Ironically, Google on Wednesday came under fire from Privacy Commissioner Jennifer Stoddart for its Street View web photo application. The commissioner said many of the images used by the application could break Canada's privacy laws.
Fleischer would not comment on the matter, but said he would address it when he visits Canada later this month.
Tuesday, September 11, 2007
This is interesting ...
The Privacy Commissioner of Canada has written to Google, asking for comments on the proposition that Google Street View may violate Canadian privacy laws.
Letter to Mr. David C. Drummond, Senior Vice President, Corporate Development and Chief Legal Officer, Google, regarding 3D online mapping technology
Our Office considers images of individuals that are sufficiently clear to allow an individual to be identified to be personal information within the meaning of PIPEDA. The images contained in Immersive Media’s GeoImmersive Database appear to have been collected largely without the consent and knowledge of the individuals who appear in the images. These images now appear in your company’s Street View application. I understand that there is a function within Street View which allows viewers to request that certain images be removed. This is only a partial solution, however, given that individuals may not be aware that images relating to them are on Street View. As well, by the time individuals become aware that images relating to them are contained in Street View, their privacy rights may already have been affected.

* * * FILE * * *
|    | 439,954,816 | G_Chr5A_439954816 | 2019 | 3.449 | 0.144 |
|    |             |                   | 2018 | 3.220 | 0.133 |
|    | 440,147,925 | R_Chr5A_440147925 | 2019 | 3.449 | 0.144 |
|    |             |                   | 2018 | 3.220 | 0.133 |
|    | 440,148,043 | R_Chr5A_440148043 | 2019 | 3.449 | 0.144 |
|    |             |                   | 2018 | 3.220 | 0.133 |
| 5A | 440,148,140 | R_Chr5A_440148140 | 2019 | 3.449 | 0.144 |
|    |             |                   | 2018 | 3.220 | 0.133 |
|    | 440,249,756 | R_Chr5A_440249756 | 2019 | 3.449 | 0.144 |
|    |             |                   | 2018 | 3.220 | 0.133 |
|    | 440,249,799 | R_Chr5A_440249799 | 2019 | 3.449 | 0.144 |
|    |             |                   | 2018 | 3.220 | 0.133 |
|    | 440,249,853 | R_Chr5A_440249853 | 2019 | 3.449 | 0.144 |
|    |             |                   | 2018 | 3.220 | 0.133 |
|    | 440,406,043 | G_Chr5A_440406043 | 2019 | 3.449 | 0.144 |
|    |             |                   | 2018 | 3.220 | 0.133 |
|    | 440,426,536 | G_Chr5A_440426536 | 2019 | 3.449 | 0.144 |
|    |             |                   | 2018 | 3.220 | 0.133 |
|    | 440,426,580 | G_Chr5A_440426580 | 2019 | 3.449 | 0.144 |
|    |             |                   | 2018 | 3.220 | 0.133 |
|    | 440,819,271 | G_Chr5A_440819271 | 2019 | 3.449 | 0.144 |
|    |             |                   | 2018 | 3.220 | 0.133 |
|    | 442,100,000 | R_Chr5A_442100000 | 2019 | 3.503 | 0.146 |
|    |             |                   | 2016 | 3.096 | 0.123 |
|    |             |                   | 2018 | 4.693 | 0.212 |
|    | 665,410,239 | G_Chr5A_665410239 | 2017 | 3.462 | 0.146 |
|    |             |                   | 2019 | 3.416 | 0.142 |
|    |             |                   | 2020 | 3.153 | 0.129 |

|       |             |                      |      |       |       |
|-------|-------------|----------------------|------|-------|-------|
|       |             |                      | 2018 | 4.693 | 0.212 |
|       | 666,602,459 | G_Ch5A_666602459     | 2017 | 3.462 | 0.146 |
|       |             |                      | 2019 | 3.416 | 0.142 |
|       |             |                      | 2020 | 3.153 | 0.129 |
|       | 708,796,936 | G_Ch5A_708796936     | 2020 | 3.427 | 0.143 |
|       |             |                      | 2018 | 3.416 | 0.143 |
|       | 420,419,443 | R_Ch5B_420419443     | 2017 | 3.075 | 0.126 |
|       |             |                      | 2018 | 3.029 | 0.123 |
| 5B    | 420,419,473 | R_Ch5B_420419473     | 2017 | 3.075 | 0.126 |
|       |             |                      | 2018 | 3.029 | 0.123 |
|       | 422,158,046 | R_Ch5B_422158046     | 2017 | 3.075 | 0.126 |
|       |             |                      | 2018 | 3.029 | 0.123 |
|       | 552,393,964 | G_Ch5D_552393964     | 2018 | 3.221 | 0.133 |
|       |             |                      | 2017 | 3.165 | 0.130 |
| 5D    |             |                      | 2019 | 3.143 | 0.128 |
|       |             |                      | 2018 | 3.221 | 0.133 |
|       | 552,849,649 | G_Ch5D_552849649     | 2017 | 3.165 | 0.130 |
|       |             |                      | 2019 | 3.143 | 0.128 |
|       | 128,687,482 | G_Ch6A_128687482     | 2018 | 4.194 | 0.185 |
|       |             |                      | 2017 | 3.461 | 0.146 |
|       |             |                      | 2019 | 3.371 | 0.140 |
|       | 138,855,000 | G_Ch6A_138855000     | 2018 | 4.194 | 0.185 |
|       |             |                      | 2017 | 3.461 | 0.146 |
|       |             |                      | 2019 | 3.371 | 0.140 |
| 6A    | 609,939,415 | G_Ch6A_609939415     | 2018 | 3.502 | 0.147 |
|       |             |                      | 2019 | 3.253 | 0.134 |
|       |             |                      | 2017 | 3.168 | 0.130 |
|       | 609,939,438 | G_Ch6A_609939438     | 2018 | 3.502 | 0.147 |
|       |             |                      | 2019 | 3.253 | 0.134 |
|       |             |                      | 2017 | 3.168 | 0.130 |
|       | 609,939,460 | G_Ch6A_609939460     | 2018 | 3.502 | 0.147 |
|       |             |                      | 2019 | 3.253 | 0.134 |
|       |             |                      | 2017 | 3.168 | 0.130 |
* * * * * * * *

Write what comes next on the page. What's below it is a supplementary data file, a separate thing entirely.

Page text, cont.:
I am concerned that, if the Street View application were deployed in Canada, it might not comply with our federal privacy legislation. In particular, it does not appear to meet the basic requirements of knowledge, consent, and limited collection and use as set out in the legislation. I would appreciate your response to the issues that I have raised as soon as possible, given the importance of these questions to the privacy rights of Canadians. Please contact me if you have any questions.
There's been loads of coverage of this issue in the mainstream media. See:
Friday, June 15, 2007
Yesterday, it was reported that people who wanted their photos off Google Street View had to provide a copy of photo ID and a sworn statement. There was also concern that there was no limit to how the info provided could be used. Now, they're backing off all of that and are confirming that the info will only be used for this process. See: Threat Level -- Wired Blogs.
Methinks this is a sign that Google is listening to how its privacy practices are perceived and is taking action.
Friday, June 01, 2007
It seems there's nothing that Google can do without raising privacy concerns.
Yesterday, Boing Boing was buzzing with a number of postings about the newly introduced feature in Google Maps: Google Street View. A similar feature has been around for a while by other providers, but the resolution of the pictures posted by Google are the best I've seen. So good you can look in peoples' windows to (g)oogle their cats, see cats in blankets, see folks taking out the garbage (scroll down a little and click on the little man or the green arrow), scope out sunbathers (more sunbathers) and check out a homeless guy sleeping in an alley. I bet none of them thought they'd end up on the internet.
Is there a reasonable expectation of privacy when you're in a public area or at least visible from the street? Does this change the rules or should the rules be changed?
The Canadian Privacy Law Blog is licensed under a Creative Commons Attribution-Noncommercial-No Derivative Works 2.5 Canada License.